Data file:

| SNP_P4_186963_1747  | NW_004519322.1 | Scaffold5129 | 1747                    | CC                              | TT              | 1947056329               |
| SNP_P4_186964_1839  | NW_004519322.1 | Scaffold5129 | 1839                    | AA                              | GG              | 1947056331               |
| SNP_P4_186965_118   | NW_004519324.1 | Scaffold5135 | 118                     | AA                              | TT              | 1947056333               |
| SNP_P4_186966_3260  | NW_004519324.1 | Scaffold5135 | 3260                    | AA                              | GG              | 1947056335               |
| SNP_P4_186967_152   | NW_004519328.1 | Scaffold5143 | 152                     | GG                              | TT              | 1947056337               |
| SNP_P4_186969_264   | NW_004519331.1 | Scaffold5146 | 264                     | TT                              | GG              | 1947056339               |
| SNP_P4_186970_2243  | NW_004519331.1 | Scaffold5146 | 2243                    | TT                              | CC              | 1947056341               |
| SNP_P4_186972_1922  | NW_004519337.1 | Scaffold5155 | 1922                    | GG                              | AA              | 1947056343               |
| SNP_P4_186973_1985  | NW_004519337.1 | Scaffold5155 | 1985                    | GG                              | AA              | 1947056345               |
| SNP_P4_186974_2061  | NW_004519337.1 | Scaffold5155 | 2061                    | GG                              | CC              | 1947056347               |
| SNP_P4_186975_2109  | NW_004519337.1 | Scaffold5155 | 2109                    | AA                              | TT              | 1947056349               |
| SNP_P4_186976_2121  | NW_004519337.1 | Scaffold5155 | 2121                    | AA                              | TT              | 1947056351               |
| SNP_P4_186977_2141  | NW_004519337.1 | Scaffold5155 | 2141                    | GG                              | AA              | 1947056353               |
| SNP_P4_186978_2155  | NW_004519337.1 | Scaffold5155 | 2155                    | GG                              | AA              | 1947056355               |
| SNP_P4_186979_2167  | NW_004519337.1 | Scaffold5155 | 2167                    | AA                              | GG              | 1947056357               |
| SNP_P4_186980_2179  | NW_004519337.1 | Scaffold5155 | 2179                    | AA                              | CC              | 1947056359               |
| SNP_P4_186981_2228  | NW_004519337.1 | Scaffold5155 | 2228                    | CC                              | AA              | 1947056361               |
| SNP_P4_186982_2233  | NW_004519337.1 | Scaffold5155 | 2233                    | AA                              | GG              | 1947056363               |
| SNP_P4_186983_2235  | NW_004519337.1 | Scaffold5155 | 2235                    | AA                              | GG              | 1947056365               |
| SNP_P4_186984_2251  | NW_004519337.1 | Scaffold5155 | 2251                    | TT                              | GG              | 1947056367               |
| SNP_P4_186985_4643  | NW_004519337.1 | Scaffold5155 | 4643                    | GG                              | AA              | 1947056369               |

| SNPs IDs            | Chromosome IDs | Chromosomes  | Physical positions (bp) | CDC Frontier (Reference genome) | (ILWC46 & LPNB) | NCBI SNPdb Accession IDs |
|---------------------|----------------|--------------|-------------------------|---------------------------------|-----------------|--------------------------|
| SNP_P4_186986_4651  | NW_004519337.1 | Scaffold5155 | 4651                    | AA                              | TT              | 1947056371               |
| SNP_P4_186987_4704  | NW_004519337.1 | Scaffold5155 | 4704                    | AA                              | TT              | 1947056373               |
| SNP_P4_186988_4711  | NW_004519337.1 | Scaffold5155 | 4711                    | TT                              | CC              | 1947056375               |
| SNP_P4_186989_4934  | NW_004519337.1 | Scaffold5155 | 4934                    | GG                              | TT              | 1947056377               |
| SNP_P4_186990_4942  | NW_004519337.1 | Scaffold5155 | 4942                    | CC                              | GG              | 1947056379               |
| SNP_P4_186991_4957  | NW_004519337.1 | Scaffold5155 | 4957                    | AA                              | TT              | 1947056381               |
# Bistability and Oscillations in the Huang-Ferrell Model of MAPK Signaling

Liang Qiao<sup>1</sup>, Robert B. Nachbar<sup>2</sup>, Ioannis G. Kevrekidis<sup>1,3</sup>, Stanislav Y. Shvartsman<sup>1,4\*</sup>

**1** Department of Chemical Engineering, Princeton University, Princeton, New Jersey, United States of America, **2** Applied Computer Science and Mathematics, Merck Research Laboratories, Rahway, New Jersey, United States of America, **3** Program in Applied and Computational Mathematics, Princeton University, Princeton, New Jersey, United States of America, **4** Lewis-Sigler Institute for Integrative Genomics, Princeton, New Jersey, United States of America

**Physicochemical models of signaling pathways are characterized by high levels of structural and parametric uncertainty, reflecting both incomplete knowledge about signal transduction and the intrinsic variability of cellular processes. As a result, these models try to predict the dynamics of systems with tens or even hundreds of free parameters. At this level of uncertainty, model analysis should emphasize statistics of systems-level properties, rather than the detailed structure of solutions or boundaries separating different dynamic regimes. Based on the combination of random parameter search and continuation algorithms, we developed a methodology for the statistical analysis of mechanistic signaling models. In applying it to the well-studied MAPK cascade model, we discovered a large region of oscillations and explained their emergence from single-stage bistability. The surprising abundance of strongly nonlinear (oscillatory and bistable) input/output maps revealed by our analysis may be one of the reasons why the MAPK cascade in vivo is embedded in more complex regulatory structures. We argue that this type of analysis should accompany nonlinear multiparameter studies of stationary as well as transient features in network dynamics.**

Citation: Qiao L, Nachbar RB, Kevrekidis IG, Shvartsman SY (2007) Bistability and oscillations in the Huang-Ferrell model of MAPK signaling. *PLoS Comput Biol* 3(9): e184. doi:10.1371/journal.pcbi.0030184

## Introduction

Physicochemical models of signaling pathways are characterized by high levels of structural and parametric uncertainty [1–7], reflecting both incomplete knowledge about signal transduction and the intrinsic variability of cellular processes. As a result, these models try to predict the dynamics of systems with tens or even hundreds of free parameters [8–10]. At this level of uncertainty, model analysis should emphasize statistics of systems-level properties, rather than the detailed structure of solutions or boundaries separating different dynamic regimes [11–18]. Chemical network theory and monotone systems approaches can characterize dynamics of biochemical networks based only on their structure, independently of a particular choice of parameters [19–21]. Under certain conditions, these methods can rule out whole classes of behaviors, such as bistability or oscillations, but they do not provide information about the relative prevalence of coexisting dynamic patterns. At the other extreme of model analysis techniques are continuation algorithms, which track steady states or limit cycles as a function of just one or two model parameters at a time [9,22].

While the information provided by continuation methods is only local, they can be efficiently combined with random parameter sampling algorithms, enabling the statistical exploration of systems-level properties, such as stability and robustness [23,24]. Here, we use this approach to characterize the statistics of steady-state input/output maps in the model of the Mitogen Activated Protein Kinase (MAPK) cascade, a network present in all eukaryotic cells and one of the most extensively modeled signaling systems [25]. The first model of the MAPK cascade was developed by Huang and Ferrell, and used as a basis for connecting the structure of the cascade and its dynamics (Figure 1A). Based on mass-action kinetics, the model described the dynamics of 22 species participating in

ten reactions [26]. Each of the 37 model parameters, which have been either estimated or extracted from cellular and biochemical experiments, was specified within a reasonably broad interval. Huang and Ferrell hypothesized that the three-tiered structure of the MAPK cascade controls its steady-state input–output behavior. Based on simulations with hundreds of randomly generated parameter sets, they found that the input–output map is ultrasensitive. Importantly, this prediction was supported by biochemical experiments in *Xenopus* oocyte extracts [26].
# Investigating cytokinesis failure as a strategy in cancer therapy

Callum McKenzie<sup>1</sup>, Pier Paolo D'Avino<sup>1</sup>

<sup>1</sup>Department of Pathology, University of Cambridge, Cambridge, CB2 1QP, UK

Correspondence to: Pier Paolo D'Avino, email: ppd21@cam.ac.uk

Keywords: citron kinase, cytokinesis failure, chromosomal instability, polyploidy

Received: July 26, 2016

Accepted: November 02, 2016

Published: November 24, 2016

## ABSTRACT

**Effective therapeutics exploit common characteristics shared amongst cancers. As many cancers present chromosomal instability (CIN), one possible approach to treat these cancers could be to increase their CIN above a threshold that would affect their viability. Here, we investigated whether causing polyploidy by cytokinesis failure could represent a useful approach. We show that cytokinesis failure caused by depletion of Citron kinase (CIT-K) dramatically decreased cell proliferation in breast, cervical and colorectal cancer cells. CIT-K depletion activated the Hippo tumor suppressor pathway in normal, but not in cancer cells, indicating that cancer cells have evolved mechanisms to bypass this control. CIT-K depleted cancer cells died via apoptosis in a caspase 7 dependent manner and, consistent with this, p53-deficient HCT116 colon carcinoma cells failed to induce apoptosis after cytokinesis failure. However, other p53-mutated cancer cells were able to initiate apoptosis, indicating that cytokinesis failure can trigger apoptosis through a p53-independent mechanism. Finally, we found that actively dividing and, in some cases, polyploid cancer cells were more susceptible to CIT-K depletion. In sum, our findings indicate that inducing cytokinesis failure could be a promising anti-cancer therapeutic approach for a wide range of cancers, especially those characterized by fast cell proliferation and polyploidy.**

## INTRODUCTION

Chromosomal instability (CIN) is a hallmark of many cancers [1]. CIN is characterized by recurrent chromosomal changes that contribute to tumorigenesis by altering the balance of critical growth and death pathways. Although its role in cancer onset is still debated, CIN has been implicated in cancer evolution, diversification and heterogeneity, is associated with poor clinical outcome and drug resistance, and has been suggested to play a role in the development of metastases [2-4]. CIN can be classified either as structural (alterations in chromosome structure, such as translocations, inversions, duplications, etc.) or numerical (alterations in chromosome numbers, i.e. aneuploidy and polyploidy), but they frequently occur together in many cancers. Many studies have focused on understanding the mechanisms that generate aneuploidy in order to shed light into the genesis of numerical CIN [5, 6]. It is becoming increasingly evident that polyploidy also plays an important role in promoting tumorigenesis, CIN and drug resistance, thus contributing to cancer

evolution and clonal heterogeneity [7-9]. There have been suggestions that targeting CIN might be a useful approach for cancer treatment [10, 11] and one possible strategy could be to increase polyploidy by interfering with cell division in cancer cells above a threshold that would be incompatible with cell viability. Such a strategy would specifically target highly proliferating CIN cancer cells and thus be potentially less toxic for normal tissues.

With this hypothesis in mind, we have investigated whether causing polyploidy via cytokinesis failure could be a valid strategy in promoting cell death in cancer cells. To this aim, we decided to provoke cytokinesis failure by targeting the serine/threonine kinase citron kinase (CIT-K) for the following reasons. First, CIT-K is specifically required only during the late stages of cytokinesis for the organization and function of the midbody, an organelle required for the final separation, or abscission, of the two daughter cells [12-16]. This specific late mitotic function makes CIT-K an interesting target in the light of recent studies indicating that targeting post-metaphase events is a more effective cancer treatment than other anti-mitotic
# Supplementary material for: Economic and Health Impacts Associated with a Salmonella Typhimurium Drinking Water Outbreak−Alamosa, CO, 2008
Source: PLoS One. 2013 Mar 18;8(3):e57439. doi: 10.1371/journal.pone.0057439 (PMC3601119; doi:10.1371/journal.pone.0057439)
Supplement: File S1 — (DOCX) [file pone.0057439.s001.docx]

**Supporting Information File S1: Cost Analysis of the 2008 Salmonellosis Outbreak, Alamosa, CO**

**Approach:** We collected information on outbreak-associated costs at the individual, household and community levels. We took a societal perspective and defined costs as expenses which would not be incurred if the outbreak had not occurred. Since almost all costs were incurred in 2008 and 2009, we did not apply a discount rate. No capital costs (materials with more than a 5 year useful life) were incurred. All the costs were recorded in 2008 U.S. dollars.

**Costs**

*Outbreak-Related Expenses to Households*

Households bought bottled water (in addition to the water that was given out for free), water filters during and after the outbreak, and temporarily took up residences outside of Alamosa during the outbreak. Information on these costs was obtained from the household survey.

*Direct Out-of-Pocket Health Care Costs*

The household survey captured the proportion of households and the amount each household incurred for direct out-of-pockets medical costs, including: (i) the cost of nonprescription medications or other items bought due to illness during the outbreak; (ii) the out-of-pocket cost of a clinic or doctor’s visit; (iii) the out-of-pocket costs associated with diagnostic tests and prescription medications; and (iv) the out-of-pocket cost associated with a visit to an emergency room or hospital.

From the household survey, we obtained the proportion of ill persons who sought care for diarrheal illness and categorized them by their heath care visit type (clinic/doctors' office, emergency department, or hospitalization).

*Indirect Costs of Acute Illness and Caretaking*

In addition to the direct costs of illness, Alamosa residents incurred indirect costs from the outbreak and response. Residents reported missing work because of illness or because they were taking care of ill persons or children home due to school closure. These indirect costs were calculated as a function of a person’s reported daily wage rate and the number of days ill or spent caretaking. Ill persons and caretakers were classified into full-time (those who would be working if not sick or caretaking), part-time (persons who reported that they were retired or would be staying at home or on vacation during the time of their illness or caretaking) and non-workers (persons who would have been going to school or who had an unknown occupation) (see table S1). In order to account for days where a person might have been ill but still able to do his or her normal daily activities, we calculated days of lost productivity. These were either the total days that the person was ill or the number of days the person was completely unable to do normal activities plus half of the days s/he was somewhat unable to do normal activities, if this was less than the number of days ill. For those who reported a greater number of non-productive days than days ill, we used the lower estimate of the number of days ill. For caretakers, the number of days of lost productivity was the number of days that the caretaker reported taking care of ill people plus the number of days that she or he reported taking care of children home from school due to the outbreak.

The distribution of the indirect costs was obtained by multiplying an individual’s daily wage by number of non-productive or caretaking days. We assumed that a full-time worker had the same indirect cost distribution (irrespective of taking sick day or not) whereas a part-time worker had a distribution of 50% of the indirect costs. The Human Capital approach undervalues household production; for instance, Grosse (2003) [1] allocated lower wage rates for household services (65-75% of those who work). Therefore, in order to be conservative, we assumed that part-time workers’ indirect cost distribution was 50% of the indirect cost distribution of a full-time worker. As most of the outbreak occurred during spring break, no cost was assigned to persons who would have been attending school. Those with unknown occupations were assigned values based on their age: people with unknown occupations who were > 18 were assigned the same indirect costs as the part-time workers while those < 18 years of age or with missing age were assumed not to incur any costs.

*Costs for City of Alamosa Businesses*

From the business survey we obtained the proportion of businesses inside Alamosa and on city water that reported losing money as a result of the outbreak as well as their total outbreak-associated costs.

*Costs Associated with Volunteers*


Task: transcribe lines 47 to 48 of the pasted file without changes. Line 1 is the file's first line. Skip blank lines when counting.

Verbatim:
## ABSTRACT

**Effective therapeutics exploit common characteristics shared amongst cancers. As many cancers present chromosomal instability (CIN), one possible approach to treat these cancers could be to increase their CIN above a threshold that would affect their viability. Here, we investigated whether causing polyploidy by cytokinesis failure could represent a useful approach. We show that cytokinesis failure caused by depletion of Citron kinase (CIT-K) dramatically decreased cell proliferation in breast, cervical and colorectal cancer cells. CIT-K depletion activated the Hippo tumor suppressor pathway in normal, but not in cancer cells, indicating that cancer cells have evolved mechanisms to bypass this control. CIT-K depleted cancer cells died via apoptosis in a caspase 7 dependent manner and, consistent with this, p53-deficient HCT116 colon carcinoma cells failed to induce apoptosis after cytokinesis failure. However, other p53-mutated cancer cells were able to initiate apoptosis, indicating that cytokinesis failure can trigger apoptosis through a p53-independent mechanism. Finally, we found that actively dividing and, in some cases, polyploid cancer cells were more susceptible to CIT-K depletion. In sum, our findings indicate that inducing cytokinesis failure could be a promising anti-cancer therapeutic approach for a wide range of cancers, especially those characterized by fast cell proliferation and polyploidy.**